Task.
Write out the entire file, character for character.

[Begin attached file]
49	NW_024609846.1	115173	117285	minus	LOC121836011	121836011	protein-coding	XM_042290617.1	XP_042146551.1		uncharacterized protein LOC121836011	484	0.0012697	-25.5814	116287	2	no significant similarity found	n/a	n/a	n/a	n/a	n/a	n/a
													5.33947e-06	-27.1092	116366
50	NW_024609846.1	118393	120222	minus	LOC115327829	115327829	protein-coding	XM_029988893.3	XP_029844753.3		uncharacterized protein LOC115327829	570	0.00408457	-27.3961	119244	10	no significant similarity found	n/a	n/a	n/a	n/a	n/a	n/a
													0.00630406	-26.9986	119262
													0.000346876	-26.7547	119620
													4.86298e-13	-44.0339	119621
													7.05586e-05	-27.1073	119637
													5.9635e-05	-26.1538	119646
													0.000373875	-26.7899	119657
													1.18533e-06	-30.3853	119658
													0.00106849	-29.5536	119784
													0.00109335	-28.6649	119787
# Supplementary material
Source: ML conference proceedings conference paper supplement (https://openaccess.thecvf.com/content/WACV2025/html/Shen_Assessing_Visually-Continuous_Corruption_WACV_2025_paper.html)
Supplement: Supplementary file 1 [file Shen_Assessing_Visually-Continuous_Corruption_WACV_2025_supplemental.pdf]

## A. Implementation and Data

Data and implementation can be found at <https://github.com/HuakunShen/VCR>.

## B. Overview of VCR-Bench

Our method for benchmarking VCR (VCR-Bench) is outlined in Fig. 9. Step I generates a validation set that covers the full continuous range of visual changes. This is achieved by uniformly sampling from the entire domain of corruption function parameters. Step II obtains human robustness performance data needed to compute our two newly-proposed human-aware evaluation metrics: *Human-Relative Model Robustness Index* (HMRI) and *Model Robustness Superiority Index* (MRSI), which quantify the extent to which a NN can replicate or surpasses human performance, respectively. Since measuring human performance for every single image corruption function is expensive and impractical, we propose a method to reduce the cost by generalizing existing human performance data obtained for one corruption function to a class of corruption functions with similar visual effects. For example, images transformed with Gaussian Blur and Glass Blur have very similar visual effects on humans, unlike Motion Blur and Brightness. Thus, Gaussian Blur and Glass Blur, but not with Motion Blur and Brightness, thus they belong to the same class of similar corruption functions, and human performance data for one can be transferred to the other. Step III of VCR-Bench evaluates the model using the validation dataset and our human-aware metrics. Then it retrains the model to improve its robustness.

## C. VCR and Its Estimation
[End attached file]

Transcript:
49	NW_024609846.1	115173	117285	minus	LOC121836011	121836011	protein-coding	XM_042290617.1	XP_042146551.1		uncharacterized protein LOC121836011	484	0.0012697	-25.5814	116287	2	no significant similarity found	n/a	n/a	n/a	n/a	n/a	n/a
													5.33947e-06	-27.1092	116366
50	NW_024609846.1	118393	120222	minus	LOC115327829	115327829	protein-coding	XM_029988893.3	XP_029844753.3		uncharacterized protein LOC115327829	570	0.00408457	-27.3961	119244	10	no significant similarity found	n/a	n/a	n/a	n/a	n/a	n/a
													0.00630406	-26.9986	119262
													0.000346876	-26.7547	119620
													4.86298e-13	-44.0339	119621
													7.05586e-05	-27.1073	119637
													5.9635e-05	-26.1538	119646
													0.000373875	-26.7899	119657
													1.18533e-06	-30.3853	119658
													0.00106849	-29.5536	119784
													0.00109335	-28.6649	119787
# Supplementary material
Source: ML conference proceedings conference paper supplement (https://openaccess.thecvf.com/content/WACV2025/html/Shen_Assessing_Visually-Continuous_Corruption_WACV_2025_paper.html)
Supplement: Supplementary file 1 [file Shen_Assessing_Visually-Continuous_Corruption_WACV_2025_supplemental.pdf]

## A. Implementation and Data

Data and implementation can be found at <https://github.com/HuakunShen/VCR>.

## B. Overview of VCR-Bench

Our method for benchmarking VCR (VCR-Bench) is outlined in Fig. 9. Step I generates a validation set that covers the full continuous range of visual changes. This is achieved by uniformly sampling from the entire domain of corruption function parameters. Step II obtains human robustness performance data needed to compute our two newly-proposed human-aware evaluation metrics: *Human-Relative Model Robustness Index* (HMRI) and *Model Robustness Superiority Index* (MRSI), which quantify the extent to which a NN can replicate or surpasses human performance, respectively. Since measuring human performance for every single image corruption function is expensive and impractical, we propose a method to reduce the cost by generalizing existing human performance data obtained for one corruption function to a class of corruption functions with similar visual effects. For example, images transformed with Gaussian Blur and Glass Blur have very similar visual effects on humans, unlike Motion Blur and Brightness. Thus, Gaussian Blur and Glass Blur, but not with Motion Blur and Brightness, thus they belong to the same class of similar corruption functions, and human performance data for one can be transferred to the other. Step III of VCR-Bench evaluates the model using the validation dataset and our human-aware metrics. Then it retrains the model to improve its robustness.

## C. VCR and Its Estimation